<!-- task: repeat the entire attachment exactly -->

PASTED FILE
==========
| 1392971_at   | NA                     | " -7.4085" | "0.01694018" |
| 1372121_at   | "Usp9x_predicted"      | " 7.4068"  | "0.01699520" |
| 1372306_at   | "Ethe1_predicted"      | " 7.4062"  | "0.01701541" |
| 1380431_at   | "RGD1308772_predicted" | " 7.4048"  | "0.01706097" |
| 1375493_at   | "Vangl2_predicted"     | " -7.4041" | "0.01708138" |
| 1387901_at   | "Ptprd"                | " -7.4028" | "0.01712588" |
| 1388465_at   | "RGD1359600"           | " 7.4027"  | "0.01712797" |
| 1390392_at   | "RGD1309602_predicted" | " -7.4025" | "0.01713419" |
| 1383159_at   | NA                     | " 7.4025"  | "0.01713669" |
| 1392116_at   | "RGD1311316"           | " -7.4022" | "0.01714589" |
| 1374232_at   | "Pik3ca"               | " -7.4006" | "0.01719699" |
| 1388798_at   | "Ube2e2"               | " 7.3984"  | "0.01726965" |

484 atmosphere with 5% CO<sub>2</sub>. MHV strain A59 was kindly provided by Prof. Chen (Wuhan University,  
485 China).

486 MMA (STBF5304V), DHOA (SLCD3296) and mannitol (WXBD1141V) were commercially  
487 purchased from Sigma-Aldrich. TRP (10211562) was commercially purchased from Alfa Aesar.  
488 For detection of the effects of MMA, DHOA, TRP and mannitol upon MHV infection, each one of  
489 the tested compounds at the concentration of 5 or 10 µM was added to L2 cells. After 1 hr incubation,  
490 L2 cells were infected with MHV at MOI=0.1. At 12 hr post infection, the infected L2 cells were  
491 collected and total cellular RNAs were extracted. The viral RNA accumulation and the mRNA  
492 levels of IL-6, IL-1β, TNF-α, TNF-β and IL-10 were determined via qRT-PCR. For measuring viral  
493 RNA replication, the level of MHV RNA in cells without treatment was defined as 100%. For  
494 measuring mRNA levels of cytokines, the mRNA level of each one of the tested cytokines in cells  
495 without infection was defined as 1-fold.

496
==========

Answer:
| 1392971_at   | NA                     | " -7.4085" | "0.01694018" |
| 1372121_at   | "Usp9x_predicted"      | " 7.4068"  | "0.01699520" |
| 1372306_at   | "Ethe1_predicted"      | " 7.4062"  | "0.01701541" |
| 1380431_at   | "RGD1308772_predicted" | " 7.4048"  | "0.01706097" |
| 1375493_at   | "Vangl2_predicted"     | " -7.4041" | "0.01708138" |
| 1387901_at   | "Ptprd"                | " -7.4028" | "0.01712588" |
| 1388465_at   | "RGD1359600"           | " 7.4027"  | "0.01712797" |
| 1390392_at   | "RGD1309602_predicted" | " -7.4025" | "0.01713419" |
| 1383159_at   | NA                     | " 7.4025"  | "0.01713669" |
| 1392116_at   | "RGD1311316"           | " -7.4022" | "0.01714589" |
| 1374232_at   | "Pik3ca"               | " -7.4006" | "0.01719699" |
| 1388798_at   | "Ube2e2"               | " 7.3984"  | "0.01726965" |

484 atmosphere with 5% CO<sub>2</sub>. MHV strain A59 was kindly provided by Prof. Chen (Wuhan University,  
485 China).

486 MMA (STBF5304V), DHOA (SLCD3296) and mannitol (WXBD1141V) were commercially  
487 purchased from Sigma-Aldrich. TRP (10211562) was commercially purchased from Alfa Aesar.  
488 For detection of the effects of MMA, DHOA, TRP and mannitol upon MHV infection, each one of  
489 the tested compounds at the concentration of 5 or 10 µM was added to L2 cells. After 1 hr incubation,  
490 L2 cells were infected with MHV at MOI=0.1. At 12 hr post infection, the infected L2 cells were  
491 collected and total cellular RNAs were extracted. The viral RNA accumulation and the mRNA  
492 levels of IL-6, IL-1β, TNF-α, TNF-β and IL-10 were determined via qRT-PCR. For measuring viral  
493 RNA replication, the level of MHV RNA in cells without treatment was defined as 100%. For  
494 measuring mRNA levels of cytokines, the mRNA level of each one of the tested cytokines in cells  
495 without infection was defined as 1-fold.

496